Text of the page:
AMCOM Commander Encourages Ideas From Workers
January 25, 2012
REDSTONE ARSENAL, Ala. -- Dwight Eisenhower, general of the Army and 34th president of the United States, said "Neither a wise man nor a brave man lies down on the tracks of history to wait for the train of the future to run over him." In light of recent Department of Defense budget cuts and the Army's goal to create a force which is smaller, but flexible, agile and ready, no quote better sums up the sense of urgency for the Aviation and Missile Command to transform its business operations. It's clear the time for change is now.
In fiscal year 2010, the DoD had a budget of $698 billion. During the next 10 years, defense spending cuts must total $469 billion, and we anticipate additional cuts.
While the amount of future cuts remains uncertain, history has shown us what is going to happen. For the last 60 years defense spending has been cyclical. Every time our budget has been drastically cut, we have been reactive instead of proactive and the result has been a hollow, less capable Army.
We've gotten it right zero out of four times.
To absorb expected future cuts, we have to be able to articulate what we do, demonstrate that we do it efficiently, and show why the Army cannot do it without us. To avoid the haphazard "salami slicing" approach to saving money, we have to be aggressive during 2012 to determine what right looks like and posture ourselves to implement cuts that benefit the Army without hindering our ability to support the Soldier. We hold the power to balance mission and costs against the big picture of overall readiness requirements, but only if we do our jobs right.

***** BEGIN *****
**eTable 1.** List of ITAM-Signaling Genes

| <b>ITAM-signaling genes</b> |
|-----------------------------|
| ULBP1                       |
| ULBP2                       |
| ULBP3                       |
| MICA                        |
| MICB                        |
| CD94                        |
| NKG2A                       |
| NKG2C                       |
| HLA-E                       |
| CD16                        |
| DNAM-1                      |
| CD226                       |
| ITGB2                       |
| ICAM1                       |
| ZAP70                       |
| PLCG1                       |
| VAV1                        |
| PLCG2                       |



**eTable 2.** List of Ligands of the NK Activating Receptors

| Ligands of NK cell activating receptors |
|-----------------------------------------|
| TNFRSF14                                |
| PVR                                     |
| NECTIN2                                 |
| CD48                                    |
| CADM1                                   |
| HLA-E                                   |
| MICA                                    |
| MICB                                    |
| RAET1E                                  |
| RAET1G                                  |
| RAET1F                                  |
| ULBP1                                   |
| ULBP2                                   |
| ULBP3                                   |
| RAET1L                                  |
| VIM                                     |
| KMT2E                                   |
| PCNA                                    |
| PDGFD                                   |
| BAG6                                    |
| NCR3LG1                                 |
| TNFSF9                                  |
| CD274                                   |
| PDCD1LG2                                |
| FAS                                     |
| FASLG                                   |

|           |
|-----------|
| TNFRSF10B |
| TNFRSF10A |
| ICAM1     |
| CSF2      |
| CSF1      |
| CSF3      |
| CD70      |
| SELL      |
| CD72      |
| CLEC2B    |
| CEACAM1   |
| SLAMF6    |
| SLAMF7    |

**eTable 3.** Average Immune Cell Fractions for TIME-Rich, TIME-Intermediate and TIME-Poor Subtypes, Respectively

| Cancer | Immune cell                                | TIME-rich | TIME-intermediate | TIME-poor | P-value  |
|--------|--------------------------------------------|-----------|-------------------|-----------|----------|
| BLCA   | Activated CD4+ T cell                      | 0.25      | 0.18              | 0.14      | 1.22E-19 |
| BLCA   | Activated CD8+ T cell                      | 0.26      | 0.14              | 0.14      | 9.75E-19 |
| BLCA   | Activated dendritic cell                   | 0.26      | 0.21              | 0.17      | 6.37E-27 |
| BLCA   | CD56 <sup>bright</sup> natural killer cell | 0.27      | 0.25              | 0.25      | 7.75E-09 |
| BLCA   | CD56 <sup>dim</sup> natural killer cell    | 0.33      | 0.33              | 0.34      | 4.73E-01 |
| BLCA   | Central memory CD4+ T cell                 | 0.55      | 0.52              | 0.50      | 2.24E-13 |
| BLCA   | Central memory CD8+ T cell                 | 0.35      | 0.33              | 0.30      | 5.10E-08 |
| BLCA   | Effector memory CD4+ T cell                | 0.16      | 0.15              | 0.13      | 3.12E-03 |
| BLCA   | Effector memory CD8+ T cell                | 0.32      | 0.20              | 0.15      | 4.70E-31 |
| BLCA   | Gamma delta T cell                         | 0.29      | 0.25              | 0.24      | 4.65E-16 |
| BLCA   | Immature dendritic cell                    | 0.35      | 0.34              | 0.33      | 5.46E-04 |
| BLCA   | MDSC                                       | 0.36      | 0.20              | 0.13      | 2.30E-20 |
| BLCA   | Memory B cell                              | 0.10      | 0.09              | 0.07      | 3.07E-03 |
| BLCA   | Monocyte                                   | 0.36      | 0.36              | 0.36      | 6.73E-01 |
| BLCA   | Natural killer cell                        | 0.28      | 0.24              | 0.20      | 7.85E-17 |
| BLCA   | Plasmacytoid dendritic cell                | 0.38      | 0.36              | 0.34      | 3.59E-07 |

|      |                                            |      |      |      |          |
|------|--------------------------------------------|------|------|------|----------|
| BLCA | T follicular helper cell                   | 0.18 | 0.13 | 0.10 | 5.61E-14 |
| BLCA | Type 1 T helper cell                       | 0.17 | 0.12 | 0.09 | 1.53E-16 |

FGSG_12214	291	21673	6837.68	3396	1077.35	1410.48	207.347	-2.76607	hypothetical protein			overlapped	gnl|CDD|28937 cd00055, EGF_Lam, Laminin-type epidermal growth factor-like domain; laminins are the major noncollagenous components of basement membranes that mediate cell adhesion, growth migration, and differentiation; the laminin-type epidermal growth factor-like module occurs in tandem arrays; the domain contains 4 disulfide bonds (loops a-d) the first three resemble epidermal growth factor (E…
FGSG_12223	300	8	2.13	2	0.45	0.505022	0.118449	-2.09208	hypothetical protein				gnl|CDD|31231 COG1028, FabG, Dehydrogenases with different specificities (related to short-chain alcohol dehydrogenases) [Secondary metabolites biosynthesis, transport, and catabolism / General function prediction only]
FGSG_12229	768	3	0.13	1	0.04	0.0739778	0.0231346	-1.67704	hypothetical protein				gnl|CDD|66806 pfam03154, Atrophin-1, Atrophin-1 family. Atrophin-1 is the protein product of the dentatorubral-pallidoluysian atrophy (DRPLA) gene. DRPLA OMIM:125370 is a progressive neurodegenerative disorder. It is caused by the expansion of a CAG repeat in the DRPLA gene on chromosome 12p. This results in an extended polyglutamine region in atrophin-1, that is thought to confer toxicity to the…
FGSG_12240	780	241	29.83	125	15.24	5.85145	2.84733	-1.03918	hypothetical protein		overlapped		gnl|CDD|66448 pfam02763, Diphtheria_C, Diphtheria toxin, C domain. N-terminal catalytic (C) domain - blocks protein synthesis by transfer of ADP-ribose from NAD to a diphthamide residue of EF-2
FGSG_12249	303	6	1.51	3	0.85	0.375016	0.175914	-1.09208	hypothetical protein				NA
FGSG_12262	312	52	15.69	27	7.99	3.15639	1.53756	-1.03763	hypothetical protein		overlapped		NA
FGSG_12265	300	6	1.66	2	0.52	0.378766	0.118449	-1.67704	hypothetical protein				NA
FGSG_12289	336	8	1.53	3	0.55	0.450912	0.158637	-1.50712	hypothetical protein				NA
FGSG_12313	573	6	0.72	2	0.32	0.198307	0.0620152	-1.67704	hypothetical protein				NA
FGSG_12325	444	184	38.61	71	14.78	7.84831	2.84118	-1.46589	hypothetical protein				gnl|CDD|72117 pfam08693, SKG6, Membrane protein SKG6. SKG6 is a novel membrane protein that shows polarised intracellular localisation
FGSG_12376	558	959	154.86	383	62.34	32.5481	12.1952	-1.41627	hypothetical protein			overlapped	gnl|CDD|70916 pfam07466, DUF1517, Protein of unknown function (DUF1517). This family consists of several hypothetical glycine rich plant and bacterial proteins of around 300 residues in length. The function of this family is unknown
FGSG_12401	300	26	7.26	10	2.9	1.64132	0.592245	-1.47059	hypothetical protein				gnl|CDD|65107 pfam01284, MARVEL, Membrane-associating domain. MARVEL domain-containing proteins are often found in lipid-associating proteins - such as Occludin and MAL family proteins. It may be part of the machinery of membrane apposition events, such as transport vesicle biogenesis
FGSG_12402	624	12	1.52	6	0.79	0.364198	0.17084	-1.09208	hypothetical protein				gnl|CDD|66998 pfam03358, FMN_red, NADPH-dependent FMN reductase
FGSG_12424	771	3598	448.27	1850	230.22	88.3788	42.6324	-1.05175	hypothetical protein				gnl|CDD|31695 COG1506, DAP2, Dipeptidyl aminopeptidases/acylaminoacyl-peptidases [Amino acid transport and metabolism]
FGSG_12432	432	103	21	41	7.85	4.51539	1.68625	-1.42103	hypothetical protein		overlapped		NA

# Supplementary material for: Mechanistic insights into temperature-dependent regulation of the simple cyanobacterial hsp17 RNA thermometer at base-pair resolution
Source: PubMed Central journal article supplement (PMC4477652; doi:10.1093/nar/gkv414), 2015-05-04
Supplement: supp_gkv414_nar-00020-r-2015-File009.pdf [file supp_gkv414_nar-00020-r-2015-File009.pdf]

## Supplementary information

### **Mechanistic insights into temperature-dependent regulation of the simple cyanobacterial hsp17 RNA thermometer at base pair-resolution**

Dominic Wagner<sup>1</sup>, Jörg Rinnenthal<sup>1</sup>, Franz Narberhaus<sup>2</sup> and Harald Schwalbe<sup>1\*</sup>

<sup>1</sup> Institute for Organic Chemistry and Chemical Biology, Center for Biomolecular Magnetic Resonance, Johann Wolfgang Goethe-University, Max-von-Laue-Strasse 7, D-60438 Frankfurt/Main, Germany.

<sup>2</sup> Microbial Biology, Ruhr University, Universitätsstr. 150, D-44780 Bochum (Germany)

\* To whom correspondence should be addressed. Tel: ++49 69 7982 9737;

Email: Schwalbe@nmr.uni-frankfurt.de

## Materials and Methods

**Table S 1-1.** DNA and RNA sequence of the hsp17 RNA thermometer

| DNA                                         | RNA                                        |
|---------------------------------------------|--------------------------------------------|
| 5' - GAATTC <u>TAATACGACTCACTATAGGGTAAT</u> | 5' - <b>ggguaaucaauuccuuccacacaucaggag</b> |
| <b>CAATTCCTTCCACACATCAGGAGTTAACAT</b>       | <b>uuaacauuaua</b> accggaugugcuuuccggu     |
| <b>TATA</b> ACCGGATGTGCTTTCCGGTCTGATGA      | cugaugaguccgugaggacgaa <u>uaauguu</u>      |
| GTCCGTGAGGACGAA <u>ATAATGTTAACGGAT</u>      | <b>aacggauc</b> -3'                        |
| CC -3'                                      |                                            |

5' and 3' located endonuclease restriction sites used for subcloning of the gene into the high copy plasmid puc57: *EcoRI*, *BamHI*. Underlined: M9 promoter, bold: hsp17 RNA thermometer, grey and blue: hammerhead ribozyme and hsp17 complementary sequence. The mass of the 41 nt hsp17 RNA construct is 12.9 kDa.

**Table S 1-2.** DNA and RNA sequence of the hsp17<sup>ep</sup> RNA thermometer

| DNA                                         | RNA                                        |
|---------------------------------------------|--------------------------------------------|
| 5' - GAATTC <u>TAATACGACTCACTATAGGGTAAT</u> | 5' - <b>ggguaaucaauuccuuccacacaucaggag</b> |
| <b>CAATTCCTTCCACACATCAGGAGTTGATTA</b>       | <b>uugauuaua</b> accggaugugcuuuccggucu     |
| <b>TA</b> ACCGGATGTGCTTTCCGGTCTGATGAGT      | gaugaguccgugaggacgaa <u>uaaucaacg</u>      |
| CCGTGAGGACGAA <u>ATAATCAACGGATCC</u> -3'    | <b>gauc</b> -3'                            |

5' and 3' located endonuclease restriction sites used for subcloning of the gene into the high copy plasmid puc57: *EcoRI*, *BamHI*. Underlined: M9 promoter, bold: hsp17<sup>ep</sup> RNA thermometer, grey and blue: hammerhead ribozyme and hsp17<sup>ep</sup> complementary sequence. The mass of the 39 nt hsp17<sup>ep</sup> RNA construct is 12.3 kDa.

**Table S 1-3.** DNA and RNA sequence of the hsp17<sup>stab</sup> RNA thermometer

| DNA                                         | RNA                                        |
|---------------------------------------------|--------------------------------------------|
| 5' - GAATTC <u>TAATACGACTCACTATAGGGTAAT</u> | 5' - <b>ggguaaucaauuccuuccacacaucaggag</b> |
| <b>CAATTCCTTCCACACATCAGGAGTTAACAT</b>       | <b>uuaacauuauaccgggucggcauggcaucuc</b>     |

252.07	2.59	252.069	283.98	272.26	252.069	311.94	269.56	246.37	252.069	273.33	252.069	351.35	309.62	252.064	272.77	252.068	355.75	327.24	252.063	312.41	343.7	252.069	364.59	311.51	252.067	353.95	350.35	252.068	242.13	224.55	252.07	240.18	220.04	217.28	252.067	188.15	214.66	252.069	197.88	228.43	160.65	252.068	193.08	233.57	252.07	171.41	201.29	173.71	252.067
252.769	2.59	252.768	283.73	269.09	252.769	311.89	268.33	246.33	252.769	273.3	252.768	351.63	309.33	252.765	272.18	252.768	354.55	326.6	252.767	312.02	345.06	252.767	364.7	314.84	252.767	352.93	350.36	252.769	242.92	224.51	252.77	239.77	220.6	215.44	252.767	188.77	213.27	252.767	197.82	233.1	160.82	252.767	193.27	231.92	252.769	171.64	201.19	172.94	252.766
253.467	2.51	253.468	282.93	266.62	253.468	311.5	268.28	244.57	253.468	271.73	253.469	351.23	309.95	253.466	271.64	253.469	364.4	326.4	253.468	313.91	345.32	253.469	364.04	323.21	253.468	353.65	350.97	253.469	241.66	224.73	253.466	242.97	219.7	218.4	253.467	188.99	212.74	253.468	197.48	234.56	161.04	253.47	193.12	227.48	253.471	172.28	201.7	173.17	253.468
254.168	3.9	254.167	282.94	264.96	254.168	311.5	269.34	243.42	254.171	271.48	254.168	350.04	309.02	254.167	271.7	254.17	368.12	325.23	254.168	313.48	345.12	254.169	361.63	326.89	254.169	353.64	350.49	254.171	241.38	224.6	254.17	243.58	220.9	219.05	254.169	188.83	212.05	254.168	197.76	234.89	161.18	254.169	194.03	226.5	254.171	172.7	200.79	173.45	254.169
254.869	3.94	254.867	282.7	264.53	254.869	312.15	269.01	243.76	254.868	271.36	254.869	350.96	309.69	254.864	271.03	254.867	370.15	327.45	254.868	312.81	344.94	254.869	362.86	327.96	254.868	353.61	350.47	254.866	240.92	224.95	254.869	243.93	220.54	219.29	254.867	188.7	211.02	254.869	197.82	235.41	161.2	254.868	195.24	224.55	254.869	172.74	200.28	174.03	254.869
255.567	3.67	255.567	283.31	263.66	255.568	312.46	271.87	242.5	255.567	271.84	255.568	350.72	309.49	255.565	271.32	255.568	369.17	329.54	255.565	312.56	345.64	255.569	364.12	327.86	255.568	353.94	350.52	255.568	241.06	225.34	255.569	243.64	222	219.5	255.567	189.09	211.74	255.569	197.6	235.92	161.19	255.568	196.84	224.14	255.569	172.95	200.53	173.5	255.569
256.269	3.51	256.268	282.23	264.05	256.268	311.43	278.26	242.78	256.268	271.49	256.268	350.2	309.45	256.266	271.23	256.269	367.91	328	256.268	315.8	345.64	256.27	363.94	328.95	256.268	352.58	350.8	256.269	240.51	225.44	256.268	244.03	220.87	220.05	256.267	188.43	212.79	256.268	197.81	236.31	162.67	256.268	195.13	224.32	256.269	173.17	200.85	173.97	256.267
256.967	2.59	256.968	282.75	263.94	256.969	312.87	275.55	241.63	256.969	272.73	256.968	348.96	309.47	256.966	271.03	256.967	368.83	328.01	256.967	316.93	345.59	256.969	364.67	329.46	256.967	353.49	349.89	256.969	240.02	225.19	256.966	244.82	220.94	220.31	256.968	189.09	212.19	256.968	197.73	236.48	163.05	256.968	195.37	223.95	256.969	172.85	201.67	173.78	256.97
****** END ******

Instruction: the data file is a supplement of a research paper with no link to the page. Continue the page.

Traditionally, when budget cuts are made, personnel are the first to go. I would argue instead that our first priority should be to become more cost efficient by transforming our business processes. That's the key and premise for the "Transforming AMCOM" initiative.
Let's look at the facts.
In 2011, AMCOM's funding for labor and non-labor totaled $6.38 billion. Approximately $1 billion were from costs associated with supporting the work force. The remaining $5.3 billion were non-labor costs.
We need to go where the money is -- and that means reducing our non-labor costs wherever we can, while improving the efficiency of the supply chain life-cycle. We have to take a hard look at ourselves command-wide and make sure that we are going in the right direction. Decisions about programs and services must be made carefully, thoughtfully and strategically.
And that's where each of you comes in.
My intent for launching the "Transforming AMCOM" initiative is to empower the work force at every level to take action and help AMCOM become a more efficient and effective organization. I believe that the work force holds the answers to these very complex issues because you are the people doing the work every day.
Great ideas aren't delegated to a particular pay grade. So, it doesn't matter if you're a GS-5 or a GS-15; a logistician or a human resource specialist; a permanent employee or a contractor. If you have an innovative idea for how AMCOM can generate fiscal savings by transforming its business processes, then I want to hear about it. Please submit your ideas at http://tinyurl.com/TransformingAMCOM.